54.2 Grades of chronic kidney disease

54.3 Epidemiology

54.4 Pathophysiology

54.5 Skeletal manifestations of chronic kidney disease

54.6 Extraskeletal calcifications

54.7 Treatment of bone disease

54.8 Summary

References

Chapter 55. Relationship between periodontal disease, tooth loss, and osteoporosis

Abstract

55.1 Introduction

55.2 Periodontal disease and tooth loss prevalence

55.3 Clinical measures of periodontal disease

55.4 Osteoporosis characterization in studies of periodontal disease and tooth loss

55.5 Mechanisms by which osteoporosis and periodontal disease may be associated

55.6 Risk factors for periodontal disease

55.7 Studies of the association between periodontal disease and osteoporosis

55.8 Summary

References

Chapter 56. Impact of breast cancer and its treatment on bone loss and fracture risk—pathophysiology and management

Abstract

56.1 Introduction

56.2 Conclusion and future directions

Conflicts of interest

References

Further reading

Chapter 57. Management of bone health in men with prostate cancer

Abstract

57.1 Bone health management in prostate cancer

57.2 Nonpharmacologic therapies

57.3 Future directions and gaps in care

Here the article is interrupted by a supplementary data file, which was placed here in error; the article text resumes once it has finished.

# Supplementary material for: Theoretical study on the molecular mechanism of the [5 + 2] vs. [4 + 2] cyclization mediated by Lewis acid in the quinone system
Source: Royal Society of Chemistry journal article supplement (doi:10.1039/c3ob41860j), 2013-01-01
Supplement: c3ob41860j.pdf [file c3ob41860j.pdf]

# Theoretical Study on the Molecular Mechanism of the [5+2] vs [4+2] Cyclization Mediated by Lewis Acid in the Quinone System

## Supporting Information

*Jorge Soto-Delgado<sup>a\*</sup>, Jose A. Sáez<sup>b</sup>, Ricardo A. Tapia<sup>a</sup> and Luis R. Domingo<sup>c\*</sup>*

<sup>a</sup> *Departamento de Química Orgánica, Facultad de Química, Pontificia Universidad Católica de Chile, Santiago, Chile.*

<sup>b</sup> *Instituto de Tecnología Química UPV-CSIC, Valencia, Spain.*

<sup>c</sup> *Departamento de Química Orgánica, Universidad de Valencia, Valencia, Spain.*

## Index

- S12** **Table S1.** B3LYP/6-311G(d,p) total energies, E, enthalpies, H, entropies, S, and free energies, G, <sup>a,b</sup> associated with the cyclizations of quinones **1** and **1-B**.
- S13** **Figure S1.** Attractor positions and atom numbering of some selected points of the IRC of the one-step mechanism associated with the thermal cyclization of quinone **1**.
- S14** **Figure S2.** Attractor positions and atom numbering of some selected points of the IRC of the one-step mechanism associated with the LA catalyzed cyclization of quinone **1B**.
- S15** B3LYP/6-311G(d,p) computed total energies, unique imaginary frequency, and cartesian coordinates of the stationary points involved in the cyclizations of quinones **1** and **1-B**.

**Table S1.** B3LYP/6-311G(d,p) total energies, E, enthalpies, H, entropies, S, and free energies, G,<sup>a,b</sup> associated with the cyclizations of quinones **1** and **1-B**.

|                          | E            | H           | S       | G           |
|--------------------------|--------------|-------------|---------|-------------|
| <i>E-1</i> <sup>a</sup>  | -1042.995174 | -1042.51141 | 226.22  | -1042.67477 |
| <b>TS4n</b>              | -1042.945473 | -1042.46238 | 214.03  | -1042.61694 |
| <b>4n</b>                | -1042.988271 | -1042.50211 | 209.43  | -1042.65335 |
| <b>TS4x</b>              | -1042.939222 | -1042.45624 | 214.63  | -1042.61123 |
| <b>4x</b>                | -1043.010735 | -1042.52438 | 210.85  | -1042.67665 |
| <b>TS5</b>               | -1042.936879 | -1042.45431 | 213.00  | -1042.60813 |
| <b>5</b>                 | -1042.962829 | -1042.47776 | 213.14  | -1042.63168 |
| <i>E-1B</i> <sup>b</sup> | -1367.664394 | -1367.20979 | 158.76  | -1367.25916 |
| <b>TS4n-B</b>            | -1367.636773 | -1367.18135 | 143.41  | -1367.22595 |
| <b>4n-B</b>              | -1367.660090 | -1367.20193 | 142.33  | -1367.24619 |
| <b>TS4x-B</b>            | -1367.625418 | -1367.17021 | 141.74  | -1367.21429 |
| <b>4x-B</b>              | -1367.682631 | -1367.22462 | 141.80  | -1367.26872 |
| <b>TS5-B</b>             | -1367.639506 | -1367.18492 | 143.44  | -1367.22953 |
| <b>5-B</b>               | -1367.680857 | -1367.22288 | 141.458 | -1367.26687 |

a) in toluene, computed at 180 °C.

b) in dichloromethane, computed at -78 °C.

57.4 Conclusion and recommendations

References

Chapter 58. Impact of MGUS and myeloma on skeletal health

Abstract

58.1 Introduction

58.2 Skeletal effects of monoclonal gammopathy of undetermined significance

58.3 Skeletal effects of multiple myeloma

58.4 Summary

Acknowledgments

Conflicts of interest

References

Chapter 59. Renal stone disease, hypercalciuria, and osteoporosis: use of thiazides and alkali for osteoporosis

Abstract

59.1 Background

59.2 Hypercalciuria: definitions and determinants

59.3 Epidemiology

59.4 Pathophysiologic mechanisms contributing to hypercalciuria and osteoporosis in urinary stone disease

59.5 Therapeutic effects of thiazide on the bone

59.6 Mechanism(s) of action of thiazides on bone metabolism—in vivo and in vitro

59.7 Alkali therapy for hypercalciuric stone formers and nonstone-forming population

59.8 Approach to the patient

59.9 Management of hypercalciuric patients

59.10 Conclusion

Acknowledgments

References

Chapter 60. Sleep disorders and osteoporosis

Abstract

60.1 Introduction

60.2 Normal sleep and circadian rhythms

60.3 Physiologic relationships between sleep/circadian systems and bone metabolism

60.4 Skeletal response to shift work and sleep duration changes

60.5 Obstructive sleep apnea and bone

60.6 Melatonin and bone

60.7 Chronotherapy

60.8 Future directions